After the waste characterization and preparation of the mixtures, the experiments were carried out. In these experiments, the hot metal was carried in graphite crucibles of high purity and the heating took place in a resistance furnace, (MAITEC - FEE 1700/V), shown in Figure 1.



The argon injection was made with the purpose of leaving the inert ambience inside of the furnace; commercial argon was used in the flow rate of 6 Nl/min. Once the work temperature of 1450ºC was reached, the complete fusion of the hot metal was verified and, soon afterwards, the desulfurizer materials were added. The reaction time was counted immediately after the loading. Samples were taken before the additions and at intervals of 5, 10, 15, 20 and 30 minutes after the additions.

In each one of the experiments the stirring of the bath was made by a mechanical stirrer positioned on top of the furnace. The stirrer's rotation speed was fixed at 1200rpm which was the minimum rotation required for the formation of the bath vortex. Besides the experiments with 1200rpm, an experiment with 1800rpm rotation was made with the addition of Waste +CaF2 mixture. Once the experiments were completed, the variation of sulfur content in the metal was determined through chemical analysis by infrared direct combustion in a LECO, CS-444 LS model.


3. Results and discussion

Characterization of the used materials

The chemical compositions of the marble waste was CaCO3= 70.5%; MgCO3=24.8%; SiO2=3.3%; others 0.4%; and the hot-metal C=5%; Si= 0.27%; Mn= 0.38%; P= 0.065%; S= 0.025%. Considering that occurs the carbonates decomposition, the following composition of waste is produced: CaO= 72.7%; MgO=21.0%; SiO2= 6.1%. Besides 70% CaO, the waste also presents about 25% MgO content, which is usually added to the slag to reduce the wear and tear of the pot refractory, being unnecessary with the use of the waste.

The lime and fluorspar showed purity over 99.9%. The medium size of the waste particles was of approximately 69 µm, presenting a heterogeneous size distribution, where almost 43% of the particles have size by 38 µm. Lime showed 89% of the particle size less than 69 µm and the remaining less than 75µm. Then the waste and the lime satisfies the condition quoted by Shevchenko et al., (1984), which states that the best diameter for the CaO injection is not greater than 0.1mm.


The results of all experiments are shown in Table 2. This table presents the initial and final contents for each experiment, the ones that were used to calculate the desulfurization degree (ŋS) of each experiment.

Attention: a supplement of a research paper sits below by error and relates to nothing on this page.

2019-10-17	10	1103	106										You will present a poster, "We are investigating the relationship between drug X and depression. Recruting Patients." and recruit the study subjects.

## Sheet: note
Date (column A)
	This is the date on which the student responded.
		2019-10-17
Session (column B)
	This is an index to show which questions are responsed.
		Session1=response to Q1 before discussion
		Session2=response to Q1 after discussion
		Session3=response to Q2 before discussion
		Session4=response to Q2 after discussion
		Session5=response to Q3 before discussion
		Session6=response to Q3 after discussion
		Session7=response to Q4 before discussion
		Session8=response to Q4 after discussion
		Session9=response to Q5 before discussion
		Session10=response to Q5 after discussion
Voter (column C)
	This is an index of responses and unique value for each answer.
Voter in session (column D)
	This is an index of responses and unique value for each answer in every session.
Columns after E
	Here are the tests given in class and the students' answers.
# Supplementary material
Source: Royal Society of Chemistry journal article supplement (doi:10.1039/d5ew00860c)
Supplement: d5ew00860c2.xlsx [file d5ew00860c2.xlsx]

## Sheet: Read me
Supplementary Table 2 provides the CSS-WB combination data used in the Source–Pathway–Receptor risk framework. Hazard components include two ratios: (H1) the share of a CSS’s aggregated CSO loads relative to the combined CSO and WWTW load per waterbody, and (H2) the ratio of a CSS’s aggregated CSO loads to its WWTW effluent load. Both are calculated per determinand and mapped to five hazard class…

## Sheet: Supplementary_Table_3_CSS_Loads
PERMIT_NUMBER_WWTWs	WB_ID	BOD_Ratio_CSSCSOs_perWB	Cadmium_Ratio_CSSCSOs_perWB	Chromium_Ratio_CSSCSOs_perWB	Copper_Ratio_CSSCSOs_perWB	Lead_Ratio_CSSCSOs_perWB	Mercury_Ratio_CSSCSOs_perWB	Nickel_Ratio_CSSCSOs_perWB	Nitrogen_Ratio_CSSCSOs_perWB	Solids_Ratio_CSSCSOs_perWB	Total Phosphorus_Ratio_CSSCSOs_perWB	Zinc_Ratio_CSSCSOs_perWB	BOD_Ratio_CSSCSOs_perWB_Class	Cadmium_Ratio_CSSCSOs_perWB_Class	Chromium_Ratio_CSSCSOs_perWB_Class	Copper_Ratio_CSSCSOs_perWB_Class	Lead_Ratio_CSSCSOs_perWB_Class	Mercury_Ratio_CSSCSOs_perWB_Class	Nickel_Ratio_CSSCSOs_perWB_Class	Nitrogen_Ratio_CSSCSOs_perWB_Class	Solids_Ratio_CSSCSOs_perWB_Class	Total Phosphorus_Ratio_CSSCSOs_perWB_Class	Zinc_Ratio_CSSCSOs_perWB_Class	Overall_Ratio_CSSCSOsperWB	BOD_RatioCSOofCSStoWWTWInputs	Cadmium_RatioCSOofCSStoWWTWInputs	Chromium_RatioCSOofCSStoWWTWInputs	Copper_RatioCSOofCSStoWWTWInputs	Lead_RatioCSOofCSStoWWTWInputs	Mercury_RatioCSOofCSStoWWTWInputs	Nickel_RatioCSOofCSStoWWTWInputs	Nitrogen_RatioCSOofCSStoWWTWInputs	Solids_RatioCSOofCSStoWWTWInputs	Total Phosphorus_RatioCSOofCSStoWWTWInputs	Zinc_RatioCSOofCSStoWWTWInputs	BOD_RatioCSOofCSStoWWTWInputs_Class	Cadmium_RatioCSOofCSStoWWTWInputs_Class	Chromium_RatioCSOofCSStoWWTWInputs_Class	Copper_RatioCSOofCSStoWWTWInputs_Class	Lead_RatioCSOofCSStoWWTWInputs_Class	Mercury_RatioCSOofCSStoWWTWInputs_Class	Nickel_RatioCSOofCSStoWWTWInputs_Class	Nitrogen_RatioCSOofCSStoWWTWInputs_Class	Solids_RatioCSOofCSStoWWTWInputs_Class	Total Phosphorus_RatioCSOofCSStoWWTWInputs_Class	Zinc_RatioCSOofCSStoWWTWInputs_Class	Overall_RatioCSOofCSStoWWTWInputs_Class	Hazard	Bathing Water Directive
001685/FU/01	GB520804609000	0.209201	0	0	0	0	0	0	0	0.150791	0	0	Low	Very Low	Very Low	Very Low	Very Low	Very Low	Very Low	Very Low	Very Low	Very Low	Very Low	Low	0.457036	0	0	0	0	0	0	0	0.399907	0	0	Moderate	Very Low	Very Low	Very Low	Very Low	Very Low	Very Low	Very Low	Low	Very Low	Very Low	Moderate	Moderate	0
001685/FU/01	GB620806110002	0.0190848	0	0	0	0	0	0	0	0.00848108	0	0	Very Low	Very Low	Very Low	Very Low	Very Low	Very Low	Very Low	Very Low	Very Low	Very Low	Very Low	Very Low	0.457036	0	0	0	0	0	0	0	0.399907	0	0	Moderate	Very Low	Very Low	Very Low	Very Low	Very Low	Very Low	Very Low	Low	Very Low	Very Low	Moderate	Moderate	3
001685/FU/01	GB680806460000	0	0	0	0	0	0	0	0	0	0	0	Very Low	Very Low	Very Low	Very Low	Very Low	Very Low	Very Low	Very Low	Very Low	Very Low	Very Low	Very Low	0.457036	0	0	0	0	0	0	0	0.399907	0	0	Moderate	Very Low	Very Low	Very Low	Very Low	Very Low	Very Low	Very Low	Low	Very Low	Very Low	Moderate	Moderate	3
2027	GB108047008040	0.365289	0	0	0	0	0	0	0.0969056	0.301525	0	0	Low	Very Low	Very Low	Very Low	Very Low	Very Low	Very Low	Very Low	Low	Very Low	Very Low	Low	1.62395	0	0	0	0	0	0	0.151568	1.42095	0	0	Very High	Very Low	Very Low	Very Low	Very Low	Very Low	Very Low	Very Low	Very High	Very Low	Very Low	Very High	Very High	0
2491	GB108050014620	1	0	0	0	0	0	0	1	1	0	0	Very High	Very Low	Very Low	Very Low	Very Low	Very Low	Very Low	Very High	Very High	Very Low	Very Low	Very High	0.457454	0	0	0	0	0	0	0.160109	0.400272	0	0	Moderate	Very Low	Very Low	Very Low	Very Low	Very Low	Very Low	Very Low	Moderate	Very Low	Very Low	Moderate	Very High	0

Equation 9 shows the ŋS calculation formula and Figure 22(A) shows the variation of these parameter in the experiments.

The variation of sulfur content in the different treatment intervals is shown in the Figure 2(B).

Additions of pure waste and pure CaO

Analyzing Figure 2, we can observe that the worst results were obtained with the additions of pure waste or pure CaO. The Figure 2(B) presents the variation of sulfur content according to time and %S, 2(A), ηS in each one of the experiments.

The worst results of the waste in relation to CaO might have occurred because the transport of the sulfur mass from the metal till CaO particle - which is favored by the stirring provoked by the CaCO3 calcination and by the mechanical stirring - was not the controlling step of the desulfurization reaction.

This fact agrees with the statements of Ohya et al. (1977) and Niedringhaus and Fruehan (1988), that state that in the absence of CaF2, the controlling step is not the transport of metal sulfur mass to the interface with the CaO, but the transport of the sulfur mass through the layer of solid CaS that is formed around the CaO particles. These results indicate that this layer did not suffer changes with the action provoked by the decomposition of the carbonates present in the waste and mechanical stirring.

Also according to Ohya et al. (1977), when 15% of each particle of CaO are converted in CaS in the absence of CaF2, the desulfurizer power of CaO is practically annulled, giving the presented results. In this case, it was the interaction of three factors. Firstly, with the waste addition in the place of the CaO, there was a larger temperature reduction caused by the decomposition of the carbonates and also by the greater mass of waste in relation to the CaO. The temperature fall was 25ºC with waste addition and 10ºC with CaO addition. Even with the temperature recovering quickly (5 and 2.5 minutes, respectively), there was a decrease in the desulfurization percentage, because a decrease in the temperature is harmful to the reaction in question.